Big Iron Software, Part 3

Before we go on, let's qualify what we're discussing a bit further.

In terms of manufacturing company types adopting software, we're discussing successful legacy mobility manufacturing companies that produce cars, trucks, bulldozers, tractors and directional drills upon what most of the world currently relies.

In terms of types of software, we're discussing user-facing software, as well as, control and embedded package types.

The reason for this explicit focus is built upon a single premise: though historically successful in assembly line manufacturing, these legacy companies will not successfully implement a software:hardware integrative process. The reason? Coming off decades of successful hard-line products and assembly line efficiencies known the world around and believing that few things on earth could be as difficult as hard-line assembly, these companies will be inclined to under-value the complexity of software production, delivery and support. Resultantly, software will be over-engineered in terms of features, under-engineered in terms of quality as defined by the software industry, software deliverable costs as a percentage of total production costs will sky-rocket and customer satisfaction for once-heralded products and companies will inevitably decrease. It doesn't have to be that way.

Let's look at the first of six aforementioned steps: Decouple software from hardware.

There are multiples areas where software must be decoupled from hardware:

  • The process and procedure for designing, developing, testing and delivery
  • The process for embedded versus control versus user-facing software
  • The process for Day 02 production support
  • Management
  • Project Management

Design, Develop, Test and Delivery

Typical mechanical design today lives on visual design. CAD, 3D printers and holography as an example. The logic is that a defect in a soft-design is cheaper than a defect in a hard-line prototype. Software agrees with this. A defect found in requirements is cheaper than a defect found in production.

Where design, develop, test and delivery are different is that hard-line production typically is built upon process frameworks known as quality gating systems, based upon Deming's Plan-Do-Check-Act cycle of quality, designed to prohibit product evolution (investment) until it passes at each duly defined checkpoint. Expensive, though it works for hardware. It doesn't work like this for software and in fact is an inhibitor.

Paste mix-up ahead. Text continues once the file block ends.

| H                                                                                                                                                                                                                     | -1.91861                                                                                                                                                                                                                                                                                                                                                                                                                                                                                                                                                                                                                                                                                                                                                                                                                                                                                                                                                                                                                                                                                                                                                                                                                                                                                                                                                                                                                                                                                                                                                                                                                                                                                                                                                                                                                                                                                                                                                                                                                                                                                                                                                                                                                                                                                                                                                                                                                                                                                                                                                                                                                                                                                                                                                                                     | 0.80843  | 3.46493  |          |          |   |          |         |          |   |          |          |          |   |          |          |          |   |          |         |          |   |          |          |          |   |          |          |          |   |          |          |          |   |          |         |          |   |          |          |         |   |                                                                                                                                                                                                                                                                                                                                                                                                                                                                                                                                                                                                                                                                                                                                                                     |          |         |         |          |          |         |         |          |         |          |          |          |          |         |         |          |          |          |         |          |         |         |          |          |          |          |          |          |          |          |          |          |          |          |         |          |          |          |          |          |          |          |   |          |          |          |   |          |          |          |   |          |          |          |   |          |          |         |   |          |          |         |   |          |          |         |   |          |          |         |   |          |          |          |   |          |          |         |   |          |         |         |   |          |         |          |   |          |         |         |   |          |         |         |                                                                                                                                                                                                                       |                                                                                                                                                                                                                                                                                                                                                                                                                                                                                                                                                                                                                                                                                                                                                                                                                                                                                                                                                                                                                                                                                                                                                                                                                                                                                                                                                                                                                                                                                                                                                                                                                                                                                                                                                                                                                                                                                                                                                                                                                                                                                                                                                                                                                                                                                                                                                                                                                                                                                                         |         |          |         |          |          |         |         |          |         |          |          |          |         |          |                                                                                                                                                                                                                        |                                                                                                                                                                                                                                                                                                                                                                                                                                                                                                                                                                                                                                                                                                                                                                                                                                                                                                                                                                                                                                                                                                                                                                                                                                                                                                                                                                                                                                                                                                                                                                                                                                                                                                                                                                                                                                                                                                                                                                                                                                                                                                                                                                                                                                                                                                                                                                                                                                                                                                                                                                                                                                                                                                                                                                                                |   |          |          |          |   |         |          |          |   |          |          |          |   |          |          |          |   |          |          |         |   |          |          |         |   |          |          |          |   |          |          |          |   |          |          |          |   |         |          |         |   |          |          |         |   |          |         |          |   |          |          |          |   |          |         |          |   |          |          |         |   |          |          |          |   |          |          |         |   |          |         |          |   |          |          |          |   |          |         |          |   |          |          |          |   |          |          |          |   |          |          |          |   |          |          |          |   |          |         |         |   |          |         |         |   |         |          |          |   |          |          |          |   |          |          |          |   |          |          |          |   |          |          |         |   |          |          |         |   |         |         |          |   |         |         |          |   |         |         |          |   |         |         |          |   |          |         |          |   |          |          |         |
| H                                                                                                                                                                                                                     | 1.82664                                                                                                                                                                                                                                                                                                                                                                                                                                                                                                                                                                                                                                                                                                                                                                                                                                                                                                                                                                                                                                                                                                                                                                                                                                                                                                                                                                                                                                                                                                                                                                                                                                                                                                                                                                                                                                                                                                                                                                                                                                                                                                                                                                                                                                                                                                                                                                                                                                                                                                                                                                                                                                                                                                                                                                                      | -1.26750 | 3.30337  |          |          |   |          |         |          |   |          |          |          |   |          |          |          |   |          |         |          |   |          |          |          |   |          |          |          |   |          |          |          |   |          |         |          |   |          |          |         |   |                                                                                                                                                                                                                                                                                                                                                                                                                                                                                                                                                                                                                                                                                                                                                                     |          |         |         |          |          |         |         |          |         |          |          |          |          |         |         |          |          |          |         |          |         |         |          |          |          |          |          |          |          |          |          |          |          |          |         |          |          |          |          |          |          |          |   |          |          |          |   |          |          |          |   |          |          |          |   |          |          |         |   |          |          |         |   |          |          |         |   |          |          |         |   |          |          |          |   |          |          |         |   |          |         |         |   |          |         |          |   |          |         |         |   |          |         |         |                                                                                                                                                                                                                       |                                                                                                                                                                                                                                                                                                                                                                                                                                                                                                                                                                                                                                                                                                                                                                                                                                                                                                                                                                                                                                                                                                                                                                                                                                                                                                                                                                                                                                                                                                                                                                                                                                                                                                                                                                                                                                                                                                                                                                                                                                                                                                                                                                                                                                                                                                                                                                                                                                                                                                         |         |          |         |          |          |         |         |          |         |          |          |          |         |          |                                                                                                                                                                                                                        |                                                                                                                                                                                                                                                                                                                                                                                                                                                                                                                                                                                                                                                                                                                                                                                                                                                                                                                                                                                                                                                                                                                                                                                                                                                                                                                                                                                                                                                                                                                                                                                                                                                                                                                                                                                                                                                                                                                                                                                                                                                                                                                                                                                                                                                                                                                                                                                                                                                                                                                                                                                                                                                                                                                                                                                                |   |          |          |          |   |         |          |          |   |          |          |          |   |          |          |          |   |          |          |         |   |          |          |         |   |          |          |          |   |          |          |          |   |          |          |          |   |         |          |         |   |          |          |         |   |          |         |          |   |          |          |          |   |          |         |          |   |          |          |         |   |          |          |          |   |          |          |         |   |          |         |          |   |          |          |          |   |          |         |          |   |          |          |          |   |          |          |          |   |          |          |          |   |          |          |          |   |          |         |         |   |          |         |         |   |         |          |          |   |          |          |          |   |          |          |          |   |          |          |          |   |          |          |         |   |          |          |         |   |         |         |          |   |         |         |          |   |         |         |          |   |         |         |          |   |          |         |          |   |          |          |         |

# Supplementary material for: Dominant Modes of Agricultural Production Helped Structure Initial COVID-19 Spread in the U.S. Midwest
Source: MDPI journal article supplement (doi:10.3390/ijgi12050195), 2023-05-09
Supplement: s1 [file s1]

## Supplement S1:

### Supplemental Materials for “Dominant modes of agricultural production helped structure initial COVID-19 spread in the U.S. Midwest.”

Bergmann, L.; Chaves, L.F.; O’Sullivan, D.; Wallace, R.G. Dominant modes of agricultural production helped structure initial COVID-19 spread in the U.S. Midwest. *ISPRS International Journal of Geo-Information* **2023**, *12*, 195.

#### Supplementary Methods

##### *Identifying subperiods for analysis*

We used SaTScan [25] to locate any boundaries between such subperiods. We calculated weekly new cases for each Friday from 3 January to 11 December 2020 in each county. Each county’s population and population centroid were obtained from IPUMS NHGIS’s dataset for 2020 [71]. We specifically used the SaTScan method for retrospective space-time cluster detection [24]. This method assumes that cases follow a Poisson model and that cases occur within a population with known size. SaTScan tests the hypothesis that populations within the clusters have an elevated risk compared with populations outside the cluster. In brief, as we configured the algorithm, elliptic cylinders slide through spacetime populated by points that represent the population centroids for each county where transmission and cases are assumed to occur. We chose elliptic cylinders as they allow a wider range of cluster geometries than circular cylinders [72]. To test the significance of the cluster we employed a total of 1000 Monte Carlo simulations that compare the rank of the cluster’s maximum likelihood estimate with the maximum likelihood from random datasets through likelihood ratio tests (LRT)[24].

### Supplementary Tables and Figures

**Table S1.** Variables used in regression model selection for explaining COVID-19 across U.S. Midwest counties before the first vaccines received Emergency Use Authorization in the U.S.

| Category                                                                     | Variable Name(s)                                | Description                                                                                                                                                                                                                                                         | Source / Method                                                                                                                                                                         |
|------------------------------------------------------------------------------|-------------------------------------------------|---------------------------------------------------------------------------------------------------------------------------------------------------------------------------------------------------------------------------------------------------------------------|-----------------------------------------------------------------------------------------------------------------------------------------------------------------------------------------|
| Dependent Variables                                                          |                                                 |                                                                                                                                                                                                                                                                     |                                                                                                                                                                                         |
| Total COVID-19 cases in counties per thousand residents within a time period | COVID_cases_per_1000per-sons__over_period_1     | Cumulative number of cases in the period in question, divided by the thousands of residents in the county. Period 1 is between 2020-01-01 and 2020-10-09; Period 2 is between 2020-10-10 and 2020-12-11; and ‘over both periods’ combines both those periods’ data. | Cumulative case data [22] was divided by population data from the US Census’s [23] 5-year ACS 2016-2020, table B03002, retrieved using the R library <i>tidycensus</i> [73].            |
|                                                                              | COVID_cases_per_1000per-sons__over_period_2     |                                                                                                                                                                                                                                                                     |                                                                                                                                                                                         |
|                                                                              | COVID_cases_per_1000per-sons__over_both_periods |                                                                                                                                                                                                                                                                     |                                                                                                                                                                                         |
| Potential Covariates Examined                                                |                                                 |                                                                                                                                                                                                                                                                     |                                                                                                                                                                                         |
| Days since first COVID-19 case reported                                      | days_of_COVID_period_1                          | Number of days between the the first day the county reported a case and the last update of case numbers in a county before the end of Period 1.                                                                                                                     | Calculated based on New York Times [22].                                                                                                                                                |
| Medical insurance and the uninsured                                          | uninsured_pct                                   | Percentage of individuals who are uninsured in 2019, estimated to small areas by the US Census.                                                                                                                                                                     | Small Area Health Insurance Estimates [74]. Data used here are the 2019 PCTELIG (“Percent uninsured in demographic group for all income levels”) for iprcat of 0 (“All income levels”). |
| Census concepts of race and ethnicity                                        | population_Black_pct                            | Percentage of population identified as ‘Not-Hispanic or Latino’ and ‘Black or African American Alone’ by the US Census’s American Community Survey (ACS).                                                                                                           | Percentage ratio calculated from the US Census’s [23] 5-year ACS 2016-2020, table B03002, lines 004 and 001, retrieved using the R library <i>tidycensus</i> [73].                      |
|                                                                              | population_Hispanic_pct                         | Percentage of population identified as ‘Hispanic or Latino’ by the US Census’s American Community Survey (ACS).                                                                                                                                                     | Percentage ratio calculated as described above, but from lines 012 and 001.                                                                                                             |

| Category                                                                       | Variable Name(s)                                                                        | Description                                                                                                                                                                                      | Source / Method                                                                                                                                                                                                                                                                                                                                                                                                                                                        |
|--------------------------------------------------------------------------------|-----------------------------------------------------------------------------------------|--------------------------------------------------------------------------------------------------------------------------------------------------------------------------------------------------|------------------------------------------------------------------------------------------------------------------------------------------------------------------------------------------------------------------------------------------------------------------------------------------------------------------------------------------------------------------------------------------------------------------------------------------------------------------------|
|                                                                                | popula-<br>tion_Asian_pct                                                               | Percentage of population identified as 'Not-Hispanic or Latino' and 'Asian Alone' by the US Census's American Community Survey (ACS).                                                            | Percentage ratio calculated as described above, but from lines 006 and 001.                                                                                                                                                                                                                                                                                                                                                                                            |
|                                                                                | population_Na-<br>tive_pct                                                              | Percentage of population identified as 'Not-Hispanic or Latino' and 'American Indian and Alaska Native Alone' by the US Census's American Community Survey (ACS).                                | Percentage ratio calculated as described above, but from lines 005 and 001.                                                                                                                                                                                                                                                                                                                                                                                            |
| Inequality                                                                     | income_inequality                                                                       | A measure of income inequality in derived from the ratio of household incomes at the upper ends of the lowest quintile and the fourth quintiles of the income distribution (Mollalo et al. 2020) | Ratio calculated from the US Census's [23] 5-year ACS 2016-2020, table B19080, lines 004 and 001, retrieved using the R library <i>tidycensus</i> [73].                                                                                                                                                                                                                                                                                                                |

In software, waiting until you 'Do' is already too late and expensive to 'Check'. This cycle of quality (Plan-Do-Check-Act) is practised linearly. Software is not linear. In fact, it is concurrent in terms of multiple team members, multiple distributed geographies, multiple code packages and purposes, multiple specifications, integrations, tests and deliveries per hour or less. In software, it is cheaper to mock and stub multiple instances of potential software solutions than it is to build out models in documents and visual design tools talking about working software. Though younger than tool and die hardware assembly behaviors, software engineering has successfully evolved to the point that software is specified, designed, tested, coded, refactored, delivered and generating revenue faster than hardware will make it through prototype, assembly, quality assurance checks and production distribution. The differences are necessary.

Day 01 production delivery. Regardless the cycle-time for software delivery, such solutions are useless without their hardware counterparts. It is true that the software specify, test, code, refactor and delivery loop may be decoupled from the hardware production process giving leadership and teams more freedom to R&D without hardware boundaries. However, production delivery requires pre-production integration and test at the sub-assembly, assembly and system-levels for systems analysis and validation. No argument. Lives of people are often at stake dependent upon end-state system quality. By design, architecture, process and procedure are decoupled from the beginning and later coupled only for Day 01 production release quality control. This means Day 01 deliverables are gated as it is typically practised in legacy hard-line manufacturing systems.